Before Trump could set the 24-hour news cycle on fire with his “shithole” insults, though, U.S. District Judge William Alsup took matters into his own hands, partially reinstating the DACA program for already-registered Dreamers.
Arguing that the DACA removal “wrongly and unconstitutionally violates the rights of the University and its students,” officials at the University of California filed a lawsuit against the Trump administration on September 8th of last year, just three days after the president announced DACA’s demise. Judge Alsup’s ruling last week gave Dreamers around the country a much needed, albeit partial and temporary victory, but may also have influenced Trump’s debate-skewing remarks in the following days.
"It just shows everyone how broken and unfair our Court System is when the opposing side in a case (such as DACA) always runs to the 9th Circuit and almost always wins before being reversed by higher courts," Trump wrote in a tweet on Wednesday morning, hinting at what was yet to come on Thursday.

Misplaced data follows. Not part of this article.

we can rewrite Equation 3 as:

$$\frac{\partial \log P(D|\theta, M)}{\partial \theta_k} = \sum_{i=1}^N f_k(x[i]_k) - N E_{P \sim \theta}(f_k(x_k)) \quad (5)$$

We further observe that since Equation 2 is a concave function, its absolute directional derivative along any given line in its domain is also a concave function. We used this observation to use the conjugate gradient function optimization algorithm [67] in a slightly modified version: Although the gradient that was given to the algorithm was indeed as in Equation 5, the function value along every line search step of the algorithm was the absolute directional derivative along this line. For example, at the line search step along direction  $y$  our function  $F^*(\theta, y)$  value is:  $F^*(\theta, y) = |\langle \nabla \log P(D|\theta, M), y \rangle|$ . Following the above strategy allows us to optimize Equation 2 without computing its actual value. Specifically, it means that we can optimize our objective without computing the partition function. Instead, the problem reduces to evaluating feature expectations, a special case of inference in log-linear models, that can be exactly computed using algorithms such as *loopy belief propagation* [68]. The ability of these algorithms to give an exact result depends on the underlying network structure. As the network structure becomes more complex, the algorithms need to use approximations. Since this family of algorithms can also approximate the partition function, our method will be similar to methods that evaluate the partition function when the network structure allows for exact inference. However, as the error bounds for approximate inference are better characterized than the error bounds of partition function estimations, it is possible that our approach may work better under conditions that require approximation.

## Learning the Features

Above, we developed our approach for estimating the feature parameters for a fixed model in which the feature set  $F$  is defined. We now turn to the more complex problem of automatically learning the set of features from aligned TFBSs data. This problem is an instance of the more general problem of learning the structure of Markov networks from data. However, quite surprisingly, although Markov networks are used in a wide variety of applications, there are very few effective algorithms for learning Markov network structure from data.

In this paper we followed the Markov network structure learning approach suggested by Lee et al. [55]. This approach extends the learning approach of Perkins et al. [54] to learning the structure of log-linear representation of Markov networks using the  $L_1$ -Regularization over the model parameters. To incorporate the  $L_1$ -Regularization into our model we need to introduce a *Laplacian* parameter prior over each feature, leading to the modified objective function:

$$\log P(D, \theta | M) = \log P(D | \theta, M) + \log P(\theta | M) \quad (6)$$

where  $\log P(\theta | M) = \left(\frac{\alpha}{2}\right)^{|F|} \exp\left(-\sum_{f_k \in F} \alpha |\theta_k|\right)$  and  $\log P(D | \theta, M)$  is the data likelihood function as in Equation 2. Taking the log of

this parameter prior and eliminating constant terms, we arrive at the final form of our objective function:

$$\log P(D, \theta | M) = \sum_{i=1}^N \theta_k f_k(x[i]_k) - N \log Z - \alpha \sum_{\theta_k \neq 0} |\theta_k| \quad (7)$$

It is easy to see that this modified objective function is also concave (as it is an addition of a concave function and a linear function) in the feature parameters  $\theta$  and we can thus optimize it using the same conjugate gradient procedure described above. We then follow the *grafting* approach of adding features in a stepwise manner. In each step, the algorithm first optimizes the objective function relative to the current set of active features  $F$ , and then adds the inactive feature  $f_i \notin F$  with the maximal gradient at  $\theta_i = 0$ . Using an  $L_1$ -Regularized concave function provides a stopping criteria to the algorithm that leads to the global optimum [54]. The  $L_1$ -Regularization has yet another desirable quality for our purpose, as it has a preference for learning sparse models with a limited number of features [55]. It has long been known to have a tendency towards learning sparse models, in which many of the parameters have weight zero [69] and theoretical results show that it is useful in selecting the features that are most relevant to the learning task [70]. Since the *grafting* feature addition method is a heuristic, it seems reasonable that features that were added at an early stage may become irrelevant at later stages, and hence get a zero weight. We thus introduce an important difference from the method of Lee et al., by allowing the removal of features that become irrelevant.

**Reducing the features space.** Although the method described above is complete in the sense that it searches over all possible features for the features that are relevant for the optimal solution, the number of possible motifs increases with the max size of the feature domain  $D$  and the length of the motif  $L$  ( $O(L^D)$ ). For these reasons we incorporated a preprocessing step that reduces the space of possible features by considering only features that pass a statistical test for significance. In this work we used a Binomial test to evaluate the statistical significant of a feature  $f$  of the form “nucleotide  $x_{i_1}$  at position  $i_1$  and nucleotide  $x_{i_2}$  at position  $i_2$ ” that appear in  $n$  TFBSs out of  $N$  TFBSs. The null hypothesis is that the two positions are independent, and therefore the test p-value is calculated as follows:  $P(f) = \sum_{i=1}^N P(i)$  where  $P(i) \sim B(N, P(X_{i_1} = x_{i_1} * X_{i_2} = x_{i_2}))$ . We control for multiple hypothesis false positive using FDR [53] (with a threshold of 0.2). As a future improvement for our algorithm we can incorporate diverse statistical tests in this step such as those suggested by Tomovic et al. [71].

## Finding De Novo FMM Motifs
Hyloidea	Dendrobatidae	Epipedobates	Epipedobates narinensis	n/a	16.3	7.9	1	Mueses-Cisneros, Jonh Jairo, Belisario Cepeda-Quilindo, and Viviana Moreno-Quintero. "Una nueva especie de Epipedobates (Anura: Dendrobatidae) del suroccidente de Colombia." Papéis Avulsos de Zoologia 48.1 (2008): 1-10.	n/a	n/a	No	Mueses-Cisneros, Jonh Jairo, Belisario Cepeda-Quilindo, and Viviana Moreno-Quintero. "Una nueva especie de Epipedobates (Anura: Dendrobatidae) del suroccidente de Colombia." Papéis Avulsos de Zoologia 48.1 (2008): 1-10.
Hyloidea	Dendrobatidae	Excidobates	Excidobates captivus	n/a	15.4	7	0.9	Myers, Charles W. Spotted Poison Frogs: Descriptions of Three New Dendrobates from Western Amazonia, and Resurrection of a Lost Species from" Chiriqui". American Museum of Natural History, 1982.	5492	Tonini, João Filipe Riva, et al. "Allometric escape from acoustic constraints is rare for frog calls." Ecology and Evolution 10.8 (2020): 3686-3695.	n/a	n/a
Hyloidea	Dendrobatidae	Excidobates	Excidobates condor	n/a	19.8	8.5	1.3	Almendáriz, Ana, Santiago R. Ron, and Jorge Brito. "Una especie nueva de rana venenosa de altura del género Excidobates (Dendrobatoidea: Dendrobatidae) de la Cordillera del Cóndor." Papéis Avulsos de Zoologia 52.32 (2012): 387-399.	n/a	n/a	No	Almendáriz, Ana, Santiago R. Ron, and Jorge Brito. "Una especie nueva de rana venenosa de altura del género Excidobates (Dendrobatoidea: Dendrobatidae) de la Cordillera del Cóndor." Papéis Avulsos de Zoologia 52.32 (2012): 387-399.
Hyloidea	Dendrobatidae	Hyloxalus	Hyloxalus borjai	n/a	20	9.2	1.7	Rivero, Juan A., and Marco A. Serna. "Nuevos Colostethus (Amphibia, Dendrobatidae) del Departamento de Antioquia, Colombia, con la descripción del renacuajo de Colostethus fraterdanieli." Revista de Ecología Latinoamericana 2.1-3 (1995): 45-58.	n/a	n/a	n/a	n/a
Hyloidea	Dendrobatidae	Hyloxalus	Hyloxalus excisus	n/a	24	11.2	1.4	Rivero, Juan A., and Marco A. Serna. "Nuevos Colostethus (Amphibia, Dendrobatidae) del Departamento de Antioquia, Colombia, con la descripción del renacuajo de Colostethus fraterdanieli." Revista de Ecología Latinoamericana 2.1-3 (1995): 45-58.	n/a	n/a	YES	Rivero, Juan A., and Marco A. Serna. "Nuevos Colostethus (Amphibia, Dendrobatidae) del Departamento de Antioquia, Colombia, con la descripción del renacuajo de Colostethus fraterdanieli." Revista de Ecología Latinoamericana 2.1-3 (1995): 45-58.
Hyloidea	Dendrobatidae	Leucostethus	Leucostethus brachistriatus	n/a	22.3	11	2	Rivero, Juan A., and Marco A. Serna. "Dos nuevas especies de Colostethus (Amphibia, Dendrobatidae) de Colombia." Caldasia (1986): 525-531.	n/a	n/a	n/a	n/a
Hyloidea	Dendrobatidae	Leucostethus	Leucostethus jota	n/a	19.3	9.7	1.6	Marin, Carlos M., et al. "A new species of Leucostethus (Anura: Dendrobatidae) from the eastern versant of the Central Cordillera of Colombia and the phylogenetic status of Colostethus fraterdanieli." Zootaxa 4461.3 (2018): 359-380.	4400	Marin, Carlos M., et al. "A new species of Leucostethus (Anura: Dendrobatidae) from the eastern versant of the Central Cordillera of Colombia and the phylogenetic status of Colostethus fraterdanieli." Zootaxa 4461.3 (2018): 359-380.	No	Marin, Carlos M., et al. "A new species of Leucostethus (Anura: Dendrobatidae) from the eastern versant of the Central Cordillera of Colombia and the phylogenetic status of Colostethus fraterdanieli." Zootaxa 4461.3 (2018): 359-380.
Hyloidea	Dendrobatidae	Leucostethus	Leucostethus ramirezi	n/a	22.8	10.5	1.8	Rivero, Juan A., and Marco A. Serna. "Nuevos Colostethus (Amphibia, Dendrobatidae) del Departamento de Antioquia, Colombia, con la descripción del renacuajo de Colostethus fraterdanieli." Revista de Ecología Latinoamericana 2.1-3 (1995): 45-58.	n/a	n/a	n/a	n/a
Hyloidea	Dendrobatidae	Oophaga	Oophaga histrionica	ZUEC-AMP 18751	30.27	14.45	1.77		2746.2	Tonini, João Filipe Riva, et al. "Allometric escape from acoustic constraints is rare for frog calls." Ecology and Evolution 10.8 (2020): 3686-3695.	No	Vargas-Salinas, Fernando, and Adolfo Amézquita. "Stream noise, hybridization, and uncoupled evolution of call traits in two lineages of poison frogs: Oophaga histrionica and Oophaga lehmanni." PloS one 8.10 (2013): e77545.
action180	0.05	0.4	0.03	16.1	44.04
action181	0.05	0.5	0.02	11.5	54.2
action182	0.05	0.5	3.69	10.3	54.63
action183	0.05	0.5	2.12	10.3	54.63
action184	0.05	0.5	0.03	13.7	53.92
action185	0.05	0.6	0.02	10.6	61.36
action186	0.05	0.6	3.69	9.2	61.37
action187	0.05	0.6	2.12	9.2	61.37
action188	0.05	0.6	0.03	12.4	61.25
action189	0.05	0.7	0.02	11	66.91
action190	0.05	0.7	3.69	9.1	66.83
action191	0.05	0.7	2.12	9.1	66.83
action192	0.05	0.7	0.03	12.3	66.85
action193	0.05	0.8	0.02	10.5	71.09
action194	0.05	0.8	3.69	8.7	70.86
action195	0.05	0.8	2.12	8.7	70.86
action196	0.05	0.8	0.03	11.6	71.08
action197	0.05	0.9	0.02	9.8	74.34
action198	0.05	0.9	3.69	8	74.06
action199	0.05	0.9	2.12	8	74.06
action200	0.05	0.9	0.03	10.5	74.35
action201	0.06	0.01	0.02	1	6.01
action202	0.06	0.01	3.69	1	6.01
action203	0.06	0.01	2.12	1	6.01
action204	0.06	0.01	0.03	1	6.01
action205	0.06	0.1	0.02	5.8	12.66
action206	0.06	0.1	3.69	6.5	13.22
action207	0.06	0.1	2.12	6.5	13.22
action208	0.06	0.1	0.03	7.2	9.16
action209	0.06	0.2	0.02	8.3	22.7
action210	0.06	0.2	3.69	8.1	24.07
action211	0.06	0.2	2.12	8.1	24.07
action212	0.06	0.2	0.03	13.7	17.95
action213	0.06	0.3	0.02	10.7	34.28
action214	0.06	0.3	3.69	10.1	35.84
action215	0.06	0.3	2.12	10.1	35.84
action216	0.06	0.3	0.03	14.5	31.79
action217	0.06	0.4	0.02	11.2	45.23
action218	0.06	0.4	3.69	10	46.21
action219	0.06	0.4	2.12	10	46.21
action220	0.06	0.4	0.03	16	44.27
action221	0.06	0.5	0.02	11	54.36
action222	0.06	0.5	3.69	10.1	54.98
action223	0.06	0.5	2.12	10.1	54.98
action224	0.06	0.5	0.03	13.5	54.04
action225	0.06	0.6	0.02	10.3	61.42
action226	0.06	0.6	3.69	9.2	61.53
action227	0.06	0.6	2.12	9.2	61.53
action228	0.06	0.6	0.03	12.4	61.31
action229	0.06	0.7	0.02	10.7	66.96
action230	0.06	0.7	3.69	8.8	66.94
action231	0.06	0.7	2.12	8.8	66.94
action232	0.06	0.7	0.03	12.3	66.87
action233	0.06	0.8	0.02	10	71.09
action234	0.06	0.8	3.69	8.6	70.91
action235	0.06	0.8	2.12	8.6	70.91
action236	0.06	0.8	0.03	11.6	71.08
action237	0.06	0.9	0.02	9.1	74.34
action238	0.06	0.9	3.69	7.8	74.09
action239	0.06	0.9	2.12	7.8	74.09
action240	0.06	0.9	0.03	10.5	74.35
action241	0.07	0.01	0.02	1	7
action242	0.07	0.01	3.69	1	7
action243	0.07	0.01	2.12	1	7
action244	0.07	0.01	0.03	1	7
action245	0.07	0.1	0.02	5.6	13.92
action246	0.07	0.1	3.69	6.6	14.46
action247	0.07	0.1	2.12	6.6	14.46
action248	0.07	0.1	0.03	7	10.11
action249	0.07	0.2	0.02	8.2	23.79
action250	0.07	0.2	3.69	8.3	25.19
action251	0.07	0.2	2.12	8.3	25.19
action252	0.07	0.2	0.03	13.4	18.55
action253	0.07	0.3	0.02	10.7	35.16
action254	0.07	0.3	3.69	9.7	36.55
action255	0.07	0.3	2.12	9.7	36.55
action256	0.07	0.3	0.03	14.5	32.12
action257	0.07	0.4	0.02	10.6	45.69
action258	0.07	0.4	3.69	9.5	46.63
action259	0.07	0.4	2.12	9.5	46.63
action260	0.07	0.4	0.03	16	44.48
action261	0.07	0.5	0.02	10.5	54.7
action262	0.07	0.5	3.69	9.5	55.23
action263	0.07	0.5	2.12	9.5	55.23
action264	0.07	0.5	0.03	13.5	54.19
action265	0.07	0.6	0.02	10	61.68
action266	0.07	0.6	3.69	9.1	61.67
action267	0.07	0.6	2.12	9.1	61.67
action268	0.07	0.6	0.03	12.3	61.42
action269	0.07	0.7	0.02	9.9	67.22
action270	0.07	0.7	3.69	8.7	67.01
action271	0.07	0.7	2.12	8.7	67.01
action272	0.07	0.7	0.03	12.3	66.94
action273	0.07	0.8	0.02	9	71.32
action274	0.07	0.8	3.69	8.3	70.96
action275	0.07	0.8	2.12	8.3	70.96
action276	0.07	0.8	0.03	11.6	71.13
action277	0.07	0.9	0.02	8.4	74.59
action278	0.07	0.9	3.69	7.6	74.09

It just shows everyone how broken and unfair our Court System is when the opposing side in a case (such as DACA) always runs to the 9th Circuit and almost always wins before being reversed by higher courts.— Donald J. Trump (@realDonaldTrump) January 10, 2018
In the preliminary injunction, Judge Alsup directed the Department of Homeland Security to immediately resume accepting DACA renewal applications, but did not require the federal agency to accept new applications from prospective Dreamers.
Because a final court decision has not yet been made and DACA’s success was only partial, the Congressional immigration debate is still expected to shape Dreamers’ future — a terrifying prospect considering the legislative process has turned from near compromise to absolute chaos in less than a week.
Since his incendiary comments from Thursday’s closed door meeting became public, Trump has taken his boisterous personality to its apex, telling a scrum of reporters on the eve of Martin Luther King Jr. Day that he was “the least racist person” they had ever interviewed.